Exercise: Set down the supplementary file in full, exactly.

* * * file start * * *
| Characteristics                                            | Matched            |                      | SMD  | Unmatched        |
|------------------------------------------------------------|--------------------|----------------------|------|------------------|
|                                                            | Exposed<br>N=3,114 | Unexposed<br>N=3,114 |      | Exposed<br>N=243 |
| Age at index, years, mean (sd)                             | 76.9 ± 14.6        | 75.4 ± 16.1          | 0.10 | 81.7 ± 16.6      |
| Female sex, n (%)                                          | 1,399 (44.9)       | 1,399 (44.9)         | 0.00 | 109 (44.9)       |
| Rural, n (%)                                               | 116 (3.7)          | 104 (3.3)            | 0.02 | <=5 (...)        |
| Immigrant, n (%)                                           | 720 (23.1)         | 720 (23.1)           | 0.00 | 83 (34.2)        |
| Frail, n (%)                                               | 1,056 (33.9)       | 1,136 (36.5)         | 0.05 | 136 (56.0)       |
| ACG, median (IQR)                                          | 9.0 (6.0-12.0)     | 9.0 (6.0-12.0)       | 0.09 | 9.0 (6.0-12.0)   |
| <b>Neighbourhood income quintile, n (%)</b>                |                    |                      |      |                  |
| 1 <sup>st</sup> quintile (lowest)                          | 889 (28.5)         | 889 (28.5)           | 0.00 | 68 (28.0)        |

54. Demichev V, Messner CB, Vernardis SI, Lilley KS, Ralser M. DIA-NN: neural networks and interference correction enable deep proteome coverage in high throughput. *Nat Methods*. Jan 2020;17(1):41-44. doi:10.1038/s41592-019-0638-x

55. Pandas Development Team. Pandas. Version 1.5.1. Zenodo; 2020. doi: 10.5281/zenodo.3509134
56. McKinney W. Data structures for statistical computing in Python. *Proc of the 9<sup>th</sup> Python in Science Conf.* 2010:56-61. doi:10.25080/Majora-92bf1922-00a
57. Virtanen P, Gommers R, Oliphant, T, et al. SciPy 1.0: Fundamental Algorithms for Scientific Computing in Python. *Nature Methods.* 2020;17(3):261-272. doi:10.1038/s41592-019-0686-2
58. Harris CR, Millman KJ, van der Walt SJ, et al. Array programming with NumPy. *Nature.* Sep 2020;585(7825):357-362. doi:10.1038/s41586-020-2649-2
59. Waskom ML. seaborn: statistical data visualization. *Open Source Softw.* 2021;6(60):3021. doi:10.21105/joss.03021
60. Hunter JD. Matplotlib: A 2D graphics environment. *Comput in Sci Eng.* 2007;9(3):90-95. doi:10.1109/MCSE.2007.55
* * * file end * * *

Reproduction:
| Characteristics                                            | Matched            |                      | SMD  | Unmatched        |
|------------------------------------------------------------|--------------------|----------------------|------|------------------|
|                                                            | Exposed<br>N=3,114 | Unexposed<br>N=3,114 |      | Exposed<br>N=243 |
| Age at index, years, mean (sd)                             | 76.9 ± 14.6        | 75.4 ± 16.1          | 0.10 | 81.7 ± 16.6      |
| Female sex, n (%)                                          | 1,399 (44.9)       | 1,399 (44.9)         | 0.00 | 109 (44.9)       |
| Rural, n (%)                                               | 116 (3.7)          | 104 (3.3)            | 0.02 | <=5 (...)        |
| Immigrant, n (%)                                           | 720 (23.1)         | 720 (23.1)           | 0.00 | 83 (34.2)        |
| Frail, n (%)                                               | 1,056 (33.9)       | 1,136 (36.5)         | 0.05 | 136 (56.0)       |
| ACG, median (IQR)                                          | 9.0 (6.0-12.0)     | 9.0 (6.0-12.0)       | 0.09 | 9.0 (6.0-12.0)   |
| <b>Neighbourhood income quintile, n (%)</b>                |                    |                      |      |                  |
| 1 <sup>st</sup> quintile (lowest)                          | 889 (28.5)         | 889 (28.5)           | 0.00 | 68 (28.0)        |

54. Demichev V, Messner CB, Vernardis SI, Lilley KS, Ralser M. DIA-NN: neural networks and interference correction enable deep proteome coverage in high throughput. *Nat Methods*. Jan 2020;17(1):41-44. doi:10.1038/s41592-019-0638-x

55. Pandas Development Team. Pandas. Version 1.5.1. Zenodo; 2020. doi: 10.5281/zenodo.3509134
56. McKinney W. Data structures for statistical computing in Python. *Proc of the 9<sup>th</sup> Python in Science Conf.* 2010:56-61. doi:10.25080/Majora-92bf1922-00a
57. Virtanen P, Gommers R, Oliphant, T, et al. SciPy 1.0: Fundamental Algorithms for Scientific Computing in Python. *Nature Methods.* 2020;17(3):261-272. doi:10.1038/s41592-019-0686-2
58. Harris CR, Millman KJ, van der Walt SJ, et al. Array programming with NumPy. *Nature.* Sep 2020;585(7825):357-362. doi:10.1038/s41586-020-2649-2
59. Waskom ML. seaborn: statistical data visualization. *Open Source Softw.* 2021;6(60):3021. doi:10.21105/joss.03021
60. Hunter JD. Matplotlib: A 2D graphics environment. *Comput in Sci Eng.* 2007;9(3):90-95. doi:10.1109/MCSE.2007.55